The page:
There’s a raise and a reraise, so you give up your big blind. Next hand you’re dealt rags in the small, and the dude opening with a raise from late position makes it easy to give that up, too. On the third hand, the table folds to you on the button and now it’s your turn to raise. You toss out chips, and both blinds quickly release their hands. The dealer collects the cards and reshuffles, readying for the next hand. You drop a couple of chips atop your stack, now back to where you started.
Of course, everything is different. That’s how poker works. Nothing ever stays the same. Not really.
You’ve started to see your opponents in action. They’ve started to see you. The fellow who opened the first hand is now sitting with most of that other guy’s chips, the one who reraised him. Meanwhile, the pair on your left are still talking about a hand from before your arrival when one stacked the other. And so forth. Change is constant.
Been hearing a lot of references to the idea of the “status quo” with regard to online poker lately, particularly with regard to the so-called “Reid bill,” the Unlawful Internet Gambling Enforcement Act of 2006, and the current situation faced by U.S. players trying to get funds on and off sites. A refrain emerging over recent weeks is that “the status quo is not sustainable” (or some variation thereof) -- referring, that is, to the fact that without some means, probably legislative, to stop the UIGEA monster, we online poker players here in America ain’t gonna be able to keep doing what we’re doing for very long.
Can’t dispute that. However, I can’t help but wonder whenever I hear that phrase whether there ever really was such a thing as the “status quo” when it comes to online poker in the United States. The more I hear that point being made, the more I realize the situation has been in constant flux ever since I first opened an account many years ago.
Like the game of poker itself, the experience of playing online poker never remains the same for very long for the U.S. player. Even the final implementation of the UIGEA (on June 1, 2010) failed to stabilize much, thanks in large part to the law’s ambiguities and inconsistencies in the way banks and financial transaction providers are choosing to comply with it.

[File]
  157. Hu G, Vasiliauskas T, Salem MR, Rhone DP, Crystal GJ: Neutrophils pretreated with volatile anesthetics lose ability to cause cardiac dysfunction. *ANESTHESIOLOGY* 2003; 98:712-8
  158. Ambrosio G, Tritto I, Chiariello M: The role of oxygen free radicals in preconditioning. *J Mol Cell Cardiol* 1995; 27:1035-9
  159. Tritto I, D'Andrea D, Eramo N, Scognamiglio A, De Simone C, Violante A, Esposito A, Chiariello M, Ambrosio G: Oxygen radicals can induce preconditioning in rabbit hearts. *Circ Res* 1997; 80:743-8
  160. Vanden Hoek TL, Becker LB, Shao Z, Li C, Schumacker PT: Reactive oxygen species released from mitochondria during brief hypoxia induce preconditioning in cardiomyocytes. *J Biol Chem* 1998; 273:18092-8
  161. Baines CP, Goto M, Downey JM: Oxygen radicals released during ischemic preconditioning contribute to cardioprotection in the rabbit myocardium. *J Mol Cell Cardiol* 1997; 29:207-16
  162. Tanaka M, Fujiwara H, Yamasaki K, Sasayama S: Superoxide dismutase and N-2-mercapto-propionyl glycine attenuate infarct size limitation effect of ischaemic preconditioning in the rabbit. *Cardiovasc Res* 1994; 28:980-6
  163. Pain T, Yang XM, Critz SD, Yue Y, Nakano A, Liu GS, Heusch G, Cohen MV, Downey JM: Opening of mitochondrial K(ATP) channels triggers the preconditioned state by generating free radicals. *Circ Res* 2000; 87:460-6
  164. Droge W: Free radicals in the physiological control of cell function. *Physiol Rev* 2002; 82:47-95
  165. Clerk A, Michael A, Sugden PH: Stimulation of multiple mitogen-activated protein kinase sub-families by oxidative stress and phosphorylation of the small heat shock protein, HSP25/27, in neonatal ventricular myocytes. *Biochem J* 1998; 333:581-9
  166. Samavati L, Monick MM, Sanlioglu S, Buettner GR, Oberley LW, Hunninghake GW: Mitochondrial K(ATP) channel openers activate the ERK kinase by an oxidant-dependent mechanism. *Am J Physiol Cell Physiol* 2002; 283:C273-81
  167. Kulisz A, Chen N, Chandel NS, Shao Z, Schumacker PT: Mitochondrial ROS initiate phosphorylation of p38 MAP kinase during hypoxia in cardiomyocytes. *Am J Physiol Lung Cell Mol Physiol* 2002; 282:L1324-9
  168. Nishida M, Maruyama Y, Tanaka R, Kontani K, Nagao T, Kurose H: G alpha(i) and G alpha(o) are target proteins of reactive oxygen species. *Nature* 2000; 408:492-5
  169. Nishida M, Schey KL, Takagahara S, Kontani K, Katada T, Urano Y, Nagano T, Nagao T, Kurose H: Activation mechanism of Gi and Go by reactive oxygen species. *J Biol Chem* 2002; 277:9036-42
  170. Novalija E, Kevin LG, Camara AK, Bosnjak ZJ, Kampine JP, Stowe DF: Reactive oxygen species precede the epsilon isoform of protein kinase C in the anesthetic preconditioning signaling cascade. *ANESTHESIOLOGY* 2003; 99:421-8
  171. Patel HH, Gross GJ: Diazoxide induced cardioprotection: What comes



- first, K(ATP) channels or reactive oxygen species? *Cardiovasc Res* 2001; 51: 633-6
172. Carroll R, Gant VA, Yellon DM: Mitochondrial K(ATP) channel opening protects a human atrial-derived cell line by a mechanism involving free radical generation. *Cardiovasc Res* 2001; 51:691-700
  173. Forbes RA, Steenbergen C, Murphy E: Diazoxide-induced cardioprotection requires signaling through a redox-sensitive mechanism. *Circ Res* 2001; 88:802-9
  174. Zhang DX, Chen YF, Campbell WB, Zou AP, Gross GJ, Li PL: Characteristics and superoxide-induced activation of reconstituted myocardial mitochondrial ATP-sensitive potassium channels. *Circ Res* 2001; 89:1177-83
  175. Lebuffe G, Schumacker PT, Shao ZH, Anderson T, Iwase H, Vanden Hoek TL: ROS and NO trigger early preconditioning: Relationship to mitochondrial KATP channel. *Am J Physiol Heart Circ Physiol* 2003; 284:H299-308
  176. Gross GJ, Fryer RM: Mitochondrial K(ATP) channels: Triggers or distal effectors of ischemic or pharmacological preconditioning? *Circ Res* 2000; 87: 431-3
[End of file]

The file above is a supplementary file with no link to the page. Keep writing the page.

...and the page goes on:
Mike Johnson made this observation on the most recent Two Plus Two Pokercast (Episode 152, 12/15/10), articulating what I’d been thinking every time I heard such references to the “status quo.” Amid a discussion of the Reid bill (just a few hours after ESPN’s Andrew Feldman had reported it “dead” for the current Congress), Johnson found himself talking about the “status quo,” but quickly qualified his use of the phrase.
“I guess ‘status quo’ can never be ‘status quo’,” said Johnson, “because the industry is always evolving and things are changing with seizures of the DOJ, [changes to] payment processors’ capabilities, [and] states like Washington opting out. So there’s no such thing in the online poker world as ‘status quo’....”
Of course, when folks like B.J. Nemeth, F-Train, and others say “the status quo is unsustainable” or that “the status quo is NOT fine and cannot continue indefinitely,” they are in fact making that very point -- namely, that we cannot lull ourselves into thinking things aren’t going to change.
Because they will. Again. Perhaps quickly. And probably for the worse, unless some other change comes along to alter the current direction of things.
In other words, the “status quo” is a phantom, a dangerous idea. Such is the case when you play poker. Such is also the case whenever Americans decide to play online. Don’t get too comfortable. Always be aware the situation could change -- fundamentally, even -- and if you aren’t paying attention, you are setting yourself up to lose.
One other thing the phrase makes me think about. Pictures of matchstick men.